LA: “Yes.”

OW: In all seven of your Tour de France victories, did you ever take banned substances or blood dope?

LA: “Yes.”

OW: Was it humanly possible to win the Tour de France without doping, seven times?

LA: “Not in my opinion. That generation. I didn’t invent the culture, but I didn’t try to stop the culture.”

Notice…while admitting guilt a key factor emerges…Lance believed that he could not win without acting unethically in his sport of choice.  In fact, he acknowledged that while he “didn’t invest the culture” he “didn’t try to stop the culture.”   In other words, Armstrong, like many others who act out unethically, took the approach that it was alright to take illegal or unethical actions (or both) as long as it was the norm!

But back to NEED.  For Armstrong to win he believed that he NEEDED to use performance enhancing drugs!  Winning was important and winning the old fashioned way didn’t seem to be an option.

There is an illusory truth that most of us miss when we are in the midst of making life changing choices…and that is – if the actions of others are common place we assume that similar actions that we might make are alright.  Rarely do we challenge the common actions around us and ask the hard questions about ethics.  Armstrong, in his answers to Oprah’s questions, demonstrates that.  See the transcript below:

OW: You said to me earlier you don’t think it was possible to win without doping?

LA: “Not in that generation, and I’m not here to talk about others in that generation. It’s been well-documented. I didn’t invent the culture, but I didn’t try to stop the culture, and that’s my mistake, and that’s what I have to be sorry for, and that’s what something and the sport is now paying the price because of that. So I am sorry for that. I didn’t have access to anything else that nobody else did.”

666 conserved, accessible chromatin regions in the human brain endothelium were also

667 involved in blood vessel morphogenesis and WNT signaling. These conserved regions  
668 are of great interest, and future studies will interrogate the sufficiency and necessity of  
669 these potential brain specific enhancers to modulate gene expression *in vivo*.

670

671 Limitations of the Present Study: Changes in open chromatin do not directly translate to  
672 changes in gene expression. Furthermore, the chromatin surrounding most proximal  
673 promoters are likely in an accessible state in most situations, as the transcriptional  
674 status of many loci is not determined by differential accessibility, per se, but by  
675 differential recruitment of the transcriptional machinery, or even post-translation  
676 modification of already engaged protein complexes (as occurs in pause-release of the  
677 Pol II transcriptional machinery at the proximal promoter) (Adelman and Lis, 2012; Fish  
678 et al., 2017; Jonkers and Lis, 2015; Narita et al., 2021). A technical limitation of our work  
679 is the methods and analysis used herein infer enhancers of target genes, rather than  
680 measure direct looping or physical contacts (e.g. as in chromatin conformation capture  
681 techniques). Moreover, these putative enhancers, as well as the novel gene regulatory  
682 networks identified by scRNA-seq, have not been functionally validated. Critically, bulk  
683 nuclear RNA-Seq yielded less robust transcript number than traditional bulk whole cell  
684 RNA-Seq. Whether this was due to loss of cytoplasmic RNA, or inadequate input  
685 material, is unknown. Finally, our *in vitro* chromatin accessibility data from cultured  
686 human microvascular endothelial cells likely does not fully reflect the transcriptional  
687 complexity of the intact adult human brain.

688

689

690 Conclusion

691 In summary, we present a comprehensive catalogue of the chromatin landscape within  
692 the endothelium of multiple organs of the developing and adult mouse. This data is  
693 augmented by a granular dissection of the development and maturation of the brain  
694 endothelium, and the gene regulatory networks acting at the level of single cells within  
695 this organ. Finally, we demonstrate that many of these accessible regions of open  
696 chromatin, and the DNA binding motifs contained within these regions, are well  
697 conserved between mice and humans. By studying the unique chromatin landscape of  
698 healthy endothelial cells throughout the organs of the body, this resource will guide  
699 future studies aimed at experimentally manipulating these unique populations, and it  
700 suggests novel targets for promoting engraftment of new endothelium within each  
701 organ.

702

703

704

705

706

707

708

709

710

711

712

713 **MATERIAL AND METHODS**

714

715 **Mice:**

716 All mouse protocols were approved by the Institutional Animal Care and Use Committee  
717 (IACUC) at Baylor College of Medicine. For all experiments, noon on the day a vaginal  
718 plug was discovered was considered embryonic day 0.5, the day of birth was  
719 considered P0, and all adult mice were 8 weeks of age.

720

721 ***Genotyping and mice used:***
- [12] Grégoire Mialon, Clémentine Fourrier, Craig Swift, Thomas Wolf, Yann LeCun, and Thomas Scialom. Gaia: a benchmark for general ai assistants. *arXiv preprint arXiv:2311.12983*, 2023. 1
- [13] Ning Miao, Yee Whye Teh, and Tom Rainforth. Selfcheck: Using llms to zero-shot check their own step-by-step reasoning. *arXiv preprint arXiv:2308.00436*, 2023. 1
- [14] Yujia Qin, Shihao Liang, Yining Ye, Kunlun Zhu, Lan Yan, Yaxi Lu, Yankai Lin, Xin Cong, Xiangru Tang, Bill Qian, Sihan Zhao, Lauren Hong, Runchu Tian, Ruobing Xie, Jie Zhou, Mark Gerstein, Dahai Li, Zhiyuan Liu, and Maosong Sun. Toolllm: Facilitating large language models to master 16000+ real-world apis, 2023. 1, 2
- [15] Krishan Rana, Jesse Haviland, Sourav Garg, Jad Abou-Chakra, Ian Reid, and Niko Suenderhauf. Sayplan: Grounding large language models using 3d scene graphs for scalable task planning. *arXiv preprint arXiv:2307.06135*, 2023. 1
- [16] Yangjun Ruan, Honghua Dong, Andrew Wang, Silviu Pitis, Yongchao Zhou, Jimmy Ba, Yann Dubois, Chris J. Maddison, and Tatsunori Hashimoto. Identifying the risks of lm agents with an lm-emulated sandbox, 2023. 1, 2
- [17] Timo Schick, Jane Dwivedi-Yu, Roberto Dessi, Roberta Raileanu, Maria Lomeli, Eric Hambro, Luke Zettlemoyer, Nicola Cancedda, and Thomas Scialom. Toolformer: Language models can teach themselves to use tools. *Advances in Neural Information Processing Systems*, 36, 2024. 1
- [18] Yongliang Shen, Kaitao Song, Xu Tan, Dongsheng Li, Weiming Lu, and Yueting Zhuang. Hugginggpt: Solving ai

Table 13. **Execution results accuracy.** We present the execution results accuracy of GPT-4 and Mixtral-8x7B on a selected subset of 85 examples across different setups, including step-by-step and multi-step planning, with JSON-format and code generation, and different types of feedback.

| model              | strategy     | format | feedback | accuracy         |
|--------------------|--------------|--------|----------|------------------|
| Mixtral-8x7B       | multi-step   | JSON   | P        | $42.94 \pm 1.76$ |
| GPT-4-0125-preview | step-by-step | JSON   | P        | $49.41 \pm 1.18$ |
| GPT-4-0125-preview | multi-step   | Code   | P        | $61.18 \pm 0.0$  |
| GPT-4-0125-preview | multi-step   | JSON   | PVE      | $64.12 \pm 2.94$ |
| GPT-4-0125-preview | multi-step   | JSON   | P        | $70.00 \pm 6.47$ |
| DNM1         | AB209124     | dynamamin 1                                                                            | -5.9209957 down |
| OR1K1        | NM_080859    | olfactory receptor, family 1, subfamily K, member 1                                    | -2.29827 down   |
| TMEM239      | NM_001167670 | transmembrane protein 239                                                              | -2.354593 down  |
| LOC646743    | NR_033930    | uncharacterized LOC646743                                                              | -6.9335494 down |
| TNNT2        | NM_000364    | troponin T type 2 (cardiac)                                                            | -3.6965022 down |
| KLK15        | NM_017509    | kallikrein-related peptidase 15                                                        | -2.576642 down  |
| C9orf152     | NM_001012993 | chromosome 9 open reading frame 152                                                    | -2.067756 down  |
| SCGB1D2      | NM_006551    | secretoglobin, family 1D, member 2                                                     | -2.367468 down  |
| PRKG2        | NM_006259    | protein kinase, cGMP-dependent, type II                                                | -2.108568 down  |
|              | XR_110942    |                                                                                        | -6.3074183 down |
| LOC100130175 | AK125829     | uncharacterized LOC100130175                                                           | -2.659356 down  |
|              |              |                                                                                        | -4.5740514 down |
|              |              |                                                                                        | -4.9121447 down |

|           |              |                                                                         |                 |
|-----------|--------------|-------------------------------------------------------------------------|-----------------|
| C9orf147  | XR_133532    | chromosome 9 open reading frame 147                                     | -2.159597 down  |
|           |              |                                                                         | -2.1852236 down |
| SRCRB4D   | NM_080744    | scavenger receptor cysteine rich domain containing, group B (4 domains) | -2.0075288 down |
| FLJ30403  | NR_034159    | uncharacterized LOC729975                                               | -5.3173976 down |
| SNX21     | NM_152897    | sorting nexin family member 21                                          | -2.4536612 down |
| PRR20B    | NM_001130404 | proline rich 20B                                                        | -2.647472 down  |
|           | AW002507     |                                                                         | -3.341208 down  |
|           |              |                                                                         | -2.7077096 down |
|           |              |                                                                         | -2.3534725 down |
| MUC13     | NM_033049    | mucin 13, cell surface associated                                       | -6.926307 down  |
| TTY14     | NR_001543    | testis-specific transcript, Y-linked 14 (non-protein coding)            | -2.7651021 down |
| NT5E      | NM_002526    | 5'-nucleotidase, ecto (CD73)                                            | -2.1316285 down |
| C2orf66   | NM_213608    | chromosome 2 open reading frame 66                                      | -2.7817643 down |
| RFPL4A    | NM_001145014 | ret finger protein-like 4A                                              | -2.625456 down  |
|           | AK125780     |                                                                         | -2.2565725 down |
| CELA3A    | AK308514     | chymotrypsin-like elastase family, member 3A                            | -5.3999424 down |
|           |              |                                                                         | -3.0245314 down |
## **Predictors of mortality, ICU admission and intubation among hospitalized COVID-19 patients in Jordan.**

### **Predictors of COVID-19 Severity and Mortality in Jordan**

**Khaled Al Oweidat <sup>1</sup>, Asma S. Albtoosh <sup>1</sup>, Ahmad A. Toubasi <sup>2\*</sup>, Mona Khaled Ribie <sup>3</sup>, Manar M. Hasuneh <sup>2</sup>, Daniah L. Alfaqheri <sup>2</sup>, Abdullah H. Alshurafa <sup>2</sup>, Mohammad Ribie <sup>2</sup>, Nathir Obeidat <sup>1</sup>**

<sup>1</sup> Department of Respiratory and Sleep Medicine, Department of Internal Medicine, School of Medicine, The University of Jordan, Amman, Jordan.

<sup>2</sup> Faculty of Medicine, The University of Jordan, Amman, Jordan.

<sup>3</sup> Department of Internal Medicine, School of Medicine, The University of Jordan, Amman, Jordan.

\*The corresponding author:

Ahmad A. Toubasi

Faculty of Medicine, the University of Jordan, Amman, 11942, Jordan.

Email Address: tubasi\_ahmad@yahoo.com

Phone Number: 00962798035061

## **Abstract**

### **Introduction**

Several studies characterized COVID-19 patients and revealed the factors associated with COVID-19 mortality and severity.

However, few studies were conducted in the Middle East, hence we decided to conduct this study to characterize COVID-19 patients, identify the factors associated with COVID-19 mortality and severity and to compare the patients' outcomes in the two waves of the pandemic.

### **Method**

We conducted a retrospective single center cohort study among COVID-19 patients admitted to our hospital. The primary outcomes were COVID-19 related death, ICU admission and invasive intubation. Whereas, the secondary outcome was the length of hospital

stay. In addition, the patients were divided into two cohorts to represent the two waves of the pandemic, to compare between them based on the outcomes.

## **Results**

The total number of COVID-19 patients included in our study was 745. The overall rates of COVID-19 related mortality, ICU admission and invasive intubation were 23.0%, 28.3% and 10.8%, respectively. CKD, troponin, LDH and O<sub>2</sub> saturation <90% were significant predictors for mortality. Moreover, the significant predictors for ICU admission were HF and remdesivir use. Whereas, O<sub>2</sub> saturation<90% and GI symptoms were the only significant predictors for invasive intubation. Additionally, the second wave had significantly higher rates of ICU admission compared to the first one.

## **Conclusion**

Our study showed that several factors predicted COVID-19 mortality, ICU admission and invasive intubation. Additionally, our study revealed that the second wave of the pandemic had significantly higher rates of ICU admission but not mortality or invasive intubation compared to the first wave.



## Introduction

OW: Usada issued a 164-page report. CEO Travis Tygart said you and US Postal team pulled off the most sophisticated, professional and successful doping programme sport has ever seen. Was it?

LA: “No. It definitely was professional, and it was definitely smart, if you can call it that, but it was very conservative, very risk-averse, very aware of what mattered. One race mattered for me. But to say that that program was bigger than the East German doping program in the ’70s and ’80s? That’s not true.”

OW: What was the culture? Can you explain the culture to us?

LA: “I don’t want to accuse anybody else. I don’t want to talk about anybody else. I made my decisions. They are my mistakes, and I am sitting here today to acknowledge that and to say I’m sorry for that. The culture was what it was.”

OW: Was everybody doing it? That’s what we’ve heard. Was everybody doing it?

LA: “I didn’t know everybody. I didn’t live and train with everybody. I didn’t race with everybody. I can’t say that. There will be people that say that. There will be people that say, ‘OK, there are 200 guys on the tour, I can tell you five guys that didn’t, and those are the five heroes’, and they’re right.”